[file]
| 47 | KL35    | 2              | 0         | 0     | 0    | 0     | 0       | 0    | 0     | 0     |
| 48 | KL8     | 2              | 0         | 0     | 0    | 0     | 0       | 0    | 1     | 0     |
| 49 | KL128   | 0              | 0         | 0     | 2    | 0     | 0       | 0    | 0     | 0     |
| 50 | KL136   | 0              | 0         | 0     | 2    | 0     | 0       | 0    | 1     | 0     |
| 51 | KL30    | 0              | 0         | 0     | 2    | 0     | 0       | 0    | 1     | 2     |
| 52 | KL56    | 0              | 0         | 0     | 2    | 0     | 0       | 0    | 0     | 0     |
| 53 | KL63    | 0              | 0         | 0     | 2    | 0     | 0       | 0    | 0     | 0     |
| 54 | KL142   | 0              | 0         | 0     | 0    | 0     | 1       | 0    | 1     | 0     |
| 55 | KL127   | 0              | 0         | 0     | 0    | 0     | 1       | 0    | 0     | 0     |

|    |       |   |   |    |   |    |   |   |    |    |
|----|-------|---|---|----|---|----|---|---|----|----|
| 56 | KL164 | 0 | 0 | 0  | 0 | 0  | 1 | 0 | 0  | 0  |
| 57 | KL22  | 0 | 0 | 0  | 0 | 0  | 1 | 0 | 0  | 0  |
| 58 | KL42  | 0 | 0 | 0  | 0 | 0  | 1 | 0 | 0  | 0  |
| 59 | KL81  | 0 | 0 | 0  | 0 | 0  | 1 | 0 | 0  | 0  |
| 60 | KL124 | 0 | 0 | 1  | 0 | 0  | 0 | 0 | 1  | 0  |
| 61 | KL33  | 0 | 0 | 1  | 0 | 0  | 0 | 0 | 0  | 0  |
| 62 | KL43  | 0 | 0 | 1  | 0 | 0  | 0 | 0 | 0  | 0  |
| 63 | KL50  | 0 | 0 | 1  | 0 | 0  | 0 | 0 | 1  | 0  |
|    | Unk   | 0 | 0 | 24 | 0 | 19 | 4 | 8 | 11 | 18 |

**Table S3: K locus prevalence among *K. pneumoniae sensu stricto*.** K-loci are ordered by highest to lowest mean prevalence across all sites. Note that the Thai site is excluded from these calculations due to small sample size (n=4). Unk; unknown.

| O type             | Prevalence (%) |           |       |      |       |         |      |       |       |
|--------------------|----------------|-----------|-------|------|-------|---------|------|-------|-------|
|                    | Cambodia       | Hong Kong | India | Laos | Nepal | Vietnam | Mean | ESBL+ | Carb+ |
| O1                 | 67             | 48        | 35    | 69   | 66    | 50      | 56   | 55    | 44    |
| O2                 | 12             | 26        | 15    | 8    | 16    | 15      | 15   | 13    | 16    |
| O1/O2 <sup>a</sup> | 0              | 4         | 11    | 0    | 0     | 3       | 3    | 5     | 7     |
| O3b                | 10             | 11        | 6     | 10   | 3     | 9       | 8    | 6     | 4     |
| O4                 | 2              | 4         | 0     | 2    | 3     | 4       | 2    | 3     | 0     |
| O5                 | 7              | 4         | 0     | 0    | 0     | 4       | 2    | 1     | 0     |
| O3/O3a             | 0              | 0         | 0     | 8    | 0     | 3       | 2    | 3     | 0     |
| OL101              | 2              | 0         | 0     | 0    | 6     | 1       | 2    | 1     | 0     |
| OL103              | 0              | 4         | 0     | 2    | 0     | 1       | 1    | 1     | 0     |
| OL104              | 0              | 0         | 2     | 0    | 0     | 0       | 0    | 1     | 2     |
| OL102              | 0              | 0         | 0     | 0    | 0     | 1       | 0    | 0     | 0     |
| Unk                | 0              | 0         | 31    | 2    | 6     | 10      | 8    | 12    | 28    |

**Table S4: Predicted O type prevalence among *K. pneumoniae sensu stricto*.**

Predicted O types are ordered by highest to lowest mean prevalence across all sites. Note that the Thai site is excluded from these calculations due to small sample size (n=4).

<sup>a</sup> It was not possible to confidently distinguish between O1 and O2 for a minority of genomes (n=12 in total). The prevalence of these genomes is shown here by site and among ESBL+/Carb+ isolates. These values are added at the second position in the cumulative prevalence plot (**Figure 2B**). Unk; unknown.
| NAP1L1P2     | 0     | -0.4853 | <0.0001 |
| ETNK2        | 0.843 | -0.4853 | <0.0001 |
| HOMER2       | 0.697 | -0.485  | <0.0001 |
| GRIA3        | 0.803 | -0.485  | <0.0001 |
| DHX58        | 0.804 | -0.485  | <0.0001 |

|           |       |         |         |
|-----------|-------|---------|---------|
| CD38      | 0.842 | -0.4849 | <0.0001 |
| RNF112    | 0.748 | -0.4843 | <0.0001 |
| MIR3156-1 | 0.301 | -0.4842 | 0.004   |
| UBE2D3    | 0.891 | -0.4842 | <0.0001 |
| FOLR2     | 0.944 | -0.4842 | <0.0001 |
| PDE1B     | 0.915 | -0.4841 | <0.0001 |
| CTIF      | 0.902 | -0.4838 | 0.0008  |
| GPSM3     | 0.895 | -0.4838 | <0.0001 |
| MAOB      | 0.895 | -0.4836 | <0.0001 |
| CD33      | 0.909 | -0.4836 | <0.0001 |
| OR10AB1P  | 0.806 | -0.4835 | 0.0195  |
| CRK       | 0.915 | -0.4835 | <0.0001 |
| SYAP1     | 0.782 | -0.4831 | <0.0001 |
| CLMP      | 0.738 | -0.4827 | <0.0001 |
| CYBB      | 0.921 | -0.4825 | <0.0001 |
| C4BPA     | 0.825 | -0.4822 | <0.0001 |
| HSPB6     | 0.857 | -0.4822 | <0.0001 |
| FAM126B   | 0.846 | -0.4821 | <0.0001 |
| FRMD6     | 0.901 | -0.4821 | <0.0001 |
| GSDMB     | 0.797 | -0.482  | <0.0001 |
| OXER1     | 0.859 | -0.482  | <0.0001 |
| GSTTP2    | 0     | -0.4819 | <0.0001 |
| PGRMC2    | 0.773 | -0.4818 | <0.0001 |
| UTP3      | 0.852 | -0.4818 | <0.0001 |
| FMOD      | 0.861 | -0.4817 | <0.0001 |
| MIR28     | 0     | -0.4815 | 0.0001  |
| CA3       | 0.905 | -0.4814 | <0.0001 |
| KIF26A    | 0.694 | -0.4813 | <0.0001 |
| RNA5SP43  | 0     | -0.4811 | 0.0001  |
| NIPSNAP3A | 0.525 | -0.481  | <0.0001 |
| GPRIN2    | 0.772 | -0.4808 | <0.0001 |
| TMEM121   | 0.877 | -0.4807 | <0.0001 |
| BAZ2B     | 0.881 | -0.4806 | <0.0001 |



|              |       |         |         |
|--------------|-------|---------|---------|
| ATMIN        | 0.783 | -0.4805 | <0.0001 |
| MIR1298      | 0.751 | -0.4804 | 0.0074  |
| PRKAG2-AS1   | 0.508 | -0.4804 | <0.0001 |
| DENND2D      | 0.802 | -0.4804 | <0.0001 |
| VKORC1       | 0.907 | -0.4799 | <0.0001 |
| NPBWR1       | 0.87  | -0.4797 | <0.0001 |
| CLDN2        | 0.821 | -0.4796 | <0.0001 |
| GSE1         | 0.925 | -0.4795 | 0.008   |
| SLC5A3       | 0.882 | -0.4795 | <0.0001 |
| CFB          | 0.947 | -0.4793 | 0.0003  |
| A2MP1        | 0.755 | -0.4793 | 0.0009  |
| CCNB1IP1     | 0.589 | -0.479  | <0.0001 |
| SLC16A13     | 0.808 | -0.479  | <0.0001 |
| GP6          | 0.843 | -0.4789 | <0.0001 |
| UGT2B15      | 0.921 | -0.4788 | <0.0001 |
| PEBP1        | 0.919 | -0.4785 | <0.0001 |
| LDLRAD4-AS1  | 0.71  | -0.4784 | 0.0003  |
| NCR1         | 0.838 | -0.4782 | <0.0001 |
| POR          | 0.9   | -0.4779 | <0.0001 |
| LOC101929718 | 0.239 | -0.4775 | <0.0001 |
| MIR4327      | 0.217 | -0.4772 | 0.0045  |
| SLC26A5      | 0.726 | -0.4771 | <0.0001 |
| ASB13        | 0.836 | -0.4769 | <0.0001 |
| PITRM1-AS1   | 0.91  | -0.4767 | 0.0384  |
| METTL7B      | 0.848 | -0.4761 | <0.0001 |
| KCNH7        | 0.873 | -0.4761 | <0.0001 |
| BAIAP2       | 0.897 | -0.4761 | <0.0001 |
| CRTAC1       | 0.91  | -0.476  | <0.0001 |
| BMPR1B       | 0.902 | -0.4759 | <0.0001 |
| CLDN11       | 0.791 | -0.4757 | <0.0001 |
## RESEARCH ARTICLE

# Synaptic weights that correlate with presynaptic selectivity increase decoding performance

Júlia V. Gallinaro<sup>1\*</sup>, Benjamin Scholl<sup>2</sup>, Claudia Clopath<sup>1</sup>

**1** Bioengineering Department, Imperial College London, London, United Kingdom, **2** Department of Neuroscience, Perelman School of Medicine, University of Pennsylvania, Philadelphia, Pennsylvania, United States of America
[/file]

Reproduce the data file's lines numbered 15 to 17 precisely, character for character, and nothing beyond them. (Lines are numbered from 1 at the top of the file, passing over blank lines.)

| 59 | KL81  | 0 | 0 | 0  | 0 | 0  | 1 | 0 | 0  | 0  |
| 60 | KL124 | 0 | 0 | 1  | 0 | 0  | 0 | 0 | 1  | 0  |
| 61 | KL33  | 0 | 0 | 1  | 0 | 0  | 0 | 0 | 0  | 0  |